Controlling Non B&O Products
A Brief Description
Since the introduction of version 1.32 firmeware, B&O dealers have had the ability to configure the Beo5 to control both B&O and most non B&O products. The Beo5 hardware and firmware support the following non B&O IR (Infra-Red) remote control protocols:-
- RC5 protocol developed by Philips and used by hundred's of product manufacturers through the availability of cheap standard micro-processor decoding chips. The protocol uses whats called "Manchester coding" or "Bi-Phase Coding" which means it is self clocking because a "0" is defined as a change from signal high to low and a "1" is a signal change from low to high. This protocol consists of 14 bits transmitted with each button press and breaks down as 2 "Start bits" followed by a single "Toggle" bit followed by 5 address bits providing up to 32 (0 to 31) different products and finally with 6 command bits which will allow up to 64 (0 to 63) different commands to the same non B&O product. There is no checksum so if the IR receiver does not get a valid address and/or command, then no function will be performed by the receiving product.
- NEC protocol is a more complex and robust protocol because it also sends an inverted version of the command, so there is greater reliability of transmission. Most far Eastern product manufacturers tend to use the NEC protocol or a variation of it for their products. The NEC protocol uses what is called "Pulse Position Modulation" method of transmission which means that the width of the transmitted pulse defines if the binary data is a "0" or "1" A pulse width of 1.12 Milli seconds is a "0" and a pulse width of 2.24 milli seconds. The protocol is not a standard as such, and comes in two typical forms. The first being a simple 8 bit address and 8 bit command with each address and command inverted. The second form does not have an invert address field, rather it is used to extend the addressing capability from 65 addresses to 65,000. The normal carrier frequency is 38 Khz
- Bitstream which as the name suggests is a stream of binary codes with many different carrier frequencies and pulses periods defined by the product manufacturer and is used to control products such as Lutron lighting controllers which are not B&O compatible.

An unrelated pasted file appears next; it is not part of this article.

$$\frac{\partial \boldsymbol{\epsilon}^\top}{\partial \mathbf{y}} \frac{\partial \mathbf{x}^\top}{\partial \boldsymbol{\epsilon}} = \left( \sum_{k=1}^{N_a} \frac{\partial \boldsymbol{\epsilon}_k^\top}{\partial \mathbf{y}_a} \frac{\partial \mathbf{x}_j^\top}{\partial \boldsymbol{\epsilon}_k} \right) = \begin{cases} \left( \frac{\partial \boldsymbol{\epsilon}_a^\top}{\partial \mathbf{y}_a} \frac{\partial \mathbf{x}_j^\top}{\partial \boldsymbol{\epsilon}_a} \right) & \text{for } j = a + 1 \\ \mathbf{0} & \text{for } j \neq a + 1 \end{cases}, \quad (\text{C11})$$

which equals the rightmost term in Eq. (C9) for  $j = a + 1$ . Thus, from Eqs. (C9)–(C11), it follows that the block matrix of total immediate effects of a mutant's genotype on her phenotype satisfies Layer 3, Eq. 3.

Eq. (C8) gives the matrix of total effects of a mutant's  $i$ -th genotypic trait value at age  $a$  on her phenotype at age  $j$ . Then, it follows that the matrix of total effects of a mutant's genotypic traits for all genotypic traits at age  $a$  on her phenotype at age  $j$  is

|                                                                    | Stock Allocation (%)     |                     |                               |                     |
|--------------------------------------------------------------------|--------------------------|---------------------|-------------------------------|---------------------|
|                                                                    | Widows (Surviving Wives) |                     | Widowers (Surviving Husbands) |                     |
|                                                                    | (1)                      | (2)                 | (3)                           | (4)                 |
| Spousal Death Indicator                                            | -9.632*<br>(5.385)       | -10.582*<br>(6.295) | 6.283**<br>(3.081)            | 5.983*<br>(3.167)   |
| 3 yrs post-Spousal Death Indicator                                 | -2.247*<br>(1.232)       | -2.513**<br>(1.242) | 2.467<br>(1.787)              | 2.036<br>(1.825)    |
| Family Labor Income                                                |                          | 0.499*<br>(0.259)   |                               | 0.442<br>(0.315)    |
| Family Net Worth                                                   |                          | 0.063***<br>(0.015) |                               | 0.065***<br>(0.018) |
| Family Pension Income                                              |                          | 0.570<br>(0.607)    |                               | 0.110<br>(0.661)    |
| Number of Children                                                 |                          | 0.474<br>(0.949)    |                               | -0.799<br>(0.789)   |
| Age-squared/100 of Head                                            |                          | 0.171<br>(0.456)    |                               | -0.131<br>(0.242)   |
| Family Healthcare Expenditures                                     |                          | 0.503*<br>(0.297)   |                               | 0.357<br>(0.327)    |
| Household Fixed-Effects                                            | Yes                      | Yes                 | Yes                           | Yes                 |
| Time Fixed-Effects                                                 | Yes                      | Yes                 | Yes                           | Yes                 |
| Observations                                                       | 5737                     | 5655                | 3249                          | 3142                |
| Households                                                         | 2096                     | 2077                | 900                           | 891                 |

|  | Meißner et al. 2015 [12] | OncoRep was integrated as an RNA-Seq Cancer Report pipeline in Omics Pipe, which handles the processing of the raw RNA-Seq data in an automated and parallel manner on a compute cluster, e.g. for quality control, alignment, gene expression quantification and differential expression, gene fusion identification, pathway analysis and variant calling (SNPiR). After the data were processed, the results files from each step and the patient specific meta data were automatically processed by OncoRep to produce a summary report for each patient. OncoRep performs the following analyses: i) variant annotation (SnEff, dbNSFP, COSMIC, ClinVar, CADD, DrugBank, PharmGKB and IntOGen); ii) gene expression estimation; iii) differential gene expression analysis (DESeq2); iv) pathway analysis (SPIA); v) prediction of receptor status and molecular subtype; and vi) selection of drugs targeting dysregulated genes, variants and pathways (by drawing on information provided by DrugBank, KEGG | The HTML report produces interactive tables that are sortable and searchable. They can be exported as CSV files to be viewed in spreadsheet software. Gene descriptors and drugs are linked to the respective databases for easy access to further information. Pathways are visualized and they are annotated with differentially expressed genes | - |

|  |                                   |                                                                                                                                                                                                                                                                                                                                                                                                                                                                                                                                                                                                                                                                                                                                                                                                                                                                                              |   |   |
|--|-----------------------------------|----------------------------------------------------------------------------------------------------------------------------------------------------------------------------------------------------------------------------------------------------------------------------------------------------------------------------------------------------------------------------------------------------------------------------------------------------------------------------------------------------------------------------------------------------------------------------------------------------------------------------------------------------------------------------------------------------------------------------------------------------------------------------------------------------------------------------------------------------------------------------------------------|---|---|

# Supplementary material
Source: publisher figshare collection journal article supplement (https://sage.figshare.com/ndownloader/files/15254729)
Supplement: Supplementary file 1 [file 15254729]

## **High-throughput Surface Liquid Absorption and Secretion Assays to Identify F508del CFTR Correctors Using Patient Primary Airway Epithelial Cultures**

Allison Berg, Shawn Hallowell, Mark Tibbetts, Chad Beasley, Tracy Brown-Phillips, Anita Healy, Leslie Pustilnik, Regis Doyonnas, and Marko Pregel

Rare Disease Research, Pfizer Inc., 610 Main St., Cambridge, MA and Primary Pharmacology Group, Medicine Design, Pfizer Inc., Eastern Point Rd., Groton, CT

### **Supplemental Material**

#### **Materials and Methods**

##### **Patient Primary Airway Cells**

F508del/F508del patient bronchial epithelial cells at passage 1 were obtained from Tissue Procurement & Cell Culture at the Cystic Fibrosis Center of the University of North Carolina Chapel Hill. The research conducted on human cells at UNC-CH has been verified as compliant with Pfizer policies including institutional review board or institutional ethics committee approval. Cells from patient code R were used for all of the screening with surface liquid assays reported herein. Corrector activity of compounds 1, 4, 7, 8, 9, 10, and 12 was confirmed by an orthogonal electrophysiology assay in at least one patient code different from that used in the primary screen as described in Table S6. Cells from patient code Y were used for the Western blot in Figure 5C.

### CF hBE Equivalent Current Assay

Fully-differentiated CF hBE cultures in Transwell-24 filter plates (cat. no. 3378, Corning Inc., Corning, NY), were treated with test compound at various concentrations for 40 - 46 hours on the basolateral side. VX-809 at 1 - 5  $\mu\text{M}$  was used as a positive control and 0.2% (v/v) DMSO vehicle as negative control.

- Raw is not a protocol as such at all and is the most difficult to configure and contains data in hexadecimal for each part of the transmitted signal. Because this is the raw signal without a protocol layer, ANY infra-red remote signal configuration can be reproduced provided it uses any of the normal carrier frequencies. One or two major brands can only be configured using this method and such a brand is Sony
As more than 95% of non B&O products used within a B&O configuration use either Philips RC5 or NEC protocols for their remotes, for all th others you will need to use either Bitstream or RAW..
For a dealer who needs to configure a Beo5 with products that use the Philips RC5 protocol, then this is quite easy because it is a very simple protocol which also has a level of standardisation in using the same carrier frequency of 36kHz as well as standard address and command codes.
In the download section you will find a template for a TileVision TV used in bathrooms which uses the RC5 protocol as well as a generic template which can be edited using the command codes below. All manufacturers TV's using this protocol have an address field of zero. Also available is a template for a Lutron Rania dimmer which uses Bitstream protocol.
For all protocols except RC5 you need to know the exact IR coding to produce a Beo5 template, so if you wish to produce your own templates for a product not currently available from B&O or this site then you will need a means of capturing and decoding this IR signal. There are many cheap solutions available on the web, but if you happen to own a Lintronic converter box, then you can us that. In my view it is the best solution because it will tell you automatically what type of protocol you are using and in the associated pages details are given on using this method.